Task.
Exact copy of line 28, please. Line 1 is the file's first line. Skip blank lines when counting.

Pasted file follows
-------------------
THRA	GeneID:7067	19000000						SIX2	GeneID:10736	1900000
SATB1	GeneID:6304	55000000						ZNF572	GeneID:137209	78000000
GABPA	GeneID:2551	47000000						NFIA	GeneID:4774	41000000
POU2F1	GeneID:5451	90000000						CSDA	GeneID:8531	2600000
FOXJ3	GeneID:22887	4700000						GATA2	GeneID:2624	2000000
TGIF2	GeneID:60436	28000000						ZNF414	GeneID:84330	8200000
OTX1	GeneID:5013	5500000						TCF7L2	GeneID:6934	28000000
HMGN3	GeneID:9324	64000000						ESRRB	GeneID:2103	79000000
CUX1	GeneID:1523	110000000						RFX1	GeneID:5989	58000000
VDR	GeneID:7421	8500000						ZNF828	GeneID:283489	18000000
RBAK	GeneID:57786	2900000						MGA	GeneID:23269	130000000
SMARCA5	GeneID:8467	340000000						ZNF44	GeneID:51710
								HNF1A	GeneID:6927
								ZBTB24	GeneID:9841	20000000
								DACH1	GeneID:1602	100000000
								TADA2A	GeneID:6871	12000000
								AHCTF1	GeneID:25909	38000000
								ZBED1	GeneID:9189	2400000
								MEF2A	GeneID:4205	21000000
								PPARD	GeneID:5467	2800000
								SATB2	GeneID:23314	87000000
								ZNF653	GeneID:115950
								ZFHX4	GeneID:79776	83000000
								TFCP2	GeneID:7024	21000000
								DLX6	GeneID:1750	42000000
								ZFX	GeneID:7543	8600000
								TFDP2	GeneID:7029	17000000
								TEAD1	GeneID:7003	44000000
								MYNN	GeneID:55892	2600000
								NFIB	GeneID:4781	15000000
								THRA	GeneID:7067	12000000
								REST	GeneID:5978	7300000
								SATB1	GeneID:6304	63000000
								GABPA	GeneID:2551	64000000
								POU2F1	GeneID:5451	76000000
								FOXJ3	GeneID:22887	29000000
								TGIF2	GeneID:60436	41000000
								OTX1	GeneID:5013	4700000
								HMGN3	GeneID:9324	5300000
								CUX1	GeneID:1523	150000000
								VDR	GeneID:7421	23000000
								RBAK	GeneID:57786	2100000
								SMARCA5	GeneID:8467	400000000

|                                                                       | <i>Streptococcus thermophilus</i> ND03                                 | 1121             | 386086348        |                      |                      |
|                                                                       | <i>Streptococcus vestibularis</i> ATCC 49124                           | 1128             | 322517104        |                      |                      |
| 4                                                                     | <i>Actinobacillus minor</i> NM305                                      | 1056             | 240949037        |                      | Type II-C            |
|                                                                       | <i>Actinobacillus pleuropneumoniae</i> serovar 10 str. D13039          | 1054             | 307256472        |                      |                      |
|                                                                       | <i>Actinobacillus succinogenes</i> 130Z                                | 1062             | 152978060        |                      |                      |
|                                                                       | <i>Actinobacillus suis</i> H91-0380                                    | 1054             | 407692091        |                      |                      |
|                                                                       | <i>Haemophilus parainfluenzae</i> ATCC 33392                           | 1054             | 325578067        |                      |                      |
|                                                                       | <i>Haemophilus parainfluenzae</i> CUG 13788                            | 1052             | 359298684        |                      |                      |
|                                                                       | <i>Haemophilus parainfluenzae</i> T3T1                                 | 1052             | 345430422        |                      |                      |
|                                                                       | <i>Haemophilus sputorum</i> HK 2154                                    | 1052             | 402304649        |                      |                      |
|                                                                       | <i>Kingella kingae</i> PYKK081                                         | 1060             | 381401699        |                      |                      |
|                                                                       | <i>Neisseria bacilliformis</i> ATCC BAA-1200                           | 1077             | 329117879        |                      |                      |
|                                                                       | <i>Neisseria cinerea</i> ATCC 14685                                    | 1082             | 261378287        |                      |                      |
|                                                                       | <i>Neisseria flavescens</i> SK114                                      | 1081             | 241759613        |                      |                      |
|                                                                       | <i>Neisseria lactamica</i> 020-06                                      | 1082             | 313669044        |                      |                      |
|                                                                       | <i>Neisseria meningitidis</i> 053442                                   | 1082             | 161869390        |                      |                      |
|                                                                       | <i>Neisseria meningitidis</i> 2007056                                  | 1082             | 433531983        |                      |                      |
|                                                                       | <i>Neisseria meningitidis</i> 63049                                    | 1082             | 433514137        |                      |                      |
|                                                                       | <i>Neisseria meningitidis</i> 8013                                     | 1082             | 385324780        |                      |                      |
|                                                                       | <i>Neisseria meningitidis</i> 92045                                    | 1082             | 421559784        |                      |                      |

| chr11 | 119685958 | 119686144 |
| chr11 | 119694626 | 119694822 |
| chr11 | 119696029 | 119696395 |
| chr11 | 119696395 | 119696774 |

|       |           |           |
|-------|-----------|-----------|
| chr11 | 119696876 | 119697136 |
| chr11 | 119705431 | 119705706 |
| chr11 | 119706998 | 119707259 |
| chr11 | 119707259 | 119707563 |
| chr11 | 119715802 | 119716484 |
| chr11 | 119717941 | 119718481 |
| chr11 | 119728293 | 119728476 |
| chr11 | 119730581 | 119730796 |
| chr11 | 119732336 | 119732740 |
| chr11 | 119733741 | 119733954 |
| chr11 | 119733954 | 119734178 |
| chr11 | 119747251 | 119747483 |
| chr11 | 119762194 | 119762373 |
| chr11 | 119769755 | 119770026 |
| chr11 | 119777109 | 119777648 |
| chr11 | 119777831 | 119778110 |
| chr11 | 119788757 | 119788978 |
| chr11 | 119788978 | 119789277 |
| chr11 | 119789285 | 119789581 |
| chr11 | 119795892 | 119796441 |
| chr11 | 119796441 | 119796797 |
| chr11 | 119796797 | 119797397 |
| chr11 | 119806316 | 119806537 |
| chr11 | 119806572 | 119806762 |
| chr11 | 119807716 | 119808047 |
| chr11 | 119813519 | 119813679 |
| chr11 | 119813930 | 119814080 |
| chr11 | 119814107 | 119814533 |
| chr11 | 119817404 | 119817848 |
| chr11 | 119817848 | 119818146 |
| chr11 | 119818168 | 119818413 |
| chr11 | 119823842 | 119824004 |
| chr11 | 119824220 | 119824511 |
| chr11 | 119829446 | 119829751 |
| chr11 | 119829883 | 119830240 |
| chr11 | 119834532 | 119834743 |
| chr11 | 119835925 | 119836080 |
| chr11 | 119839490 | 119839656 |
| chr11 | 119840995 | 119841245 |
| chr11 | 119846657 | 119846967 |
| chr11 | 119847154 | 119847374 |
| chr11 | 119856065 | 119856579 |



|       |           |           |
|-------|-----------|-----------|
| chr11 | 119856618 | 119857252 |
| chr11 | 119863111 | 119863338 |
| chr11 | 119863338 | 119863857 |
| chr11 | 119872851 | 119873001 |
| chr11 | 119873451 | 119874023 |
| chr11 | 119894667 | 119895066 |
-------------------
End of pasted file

								TEAD1	GeneID:7003	44000000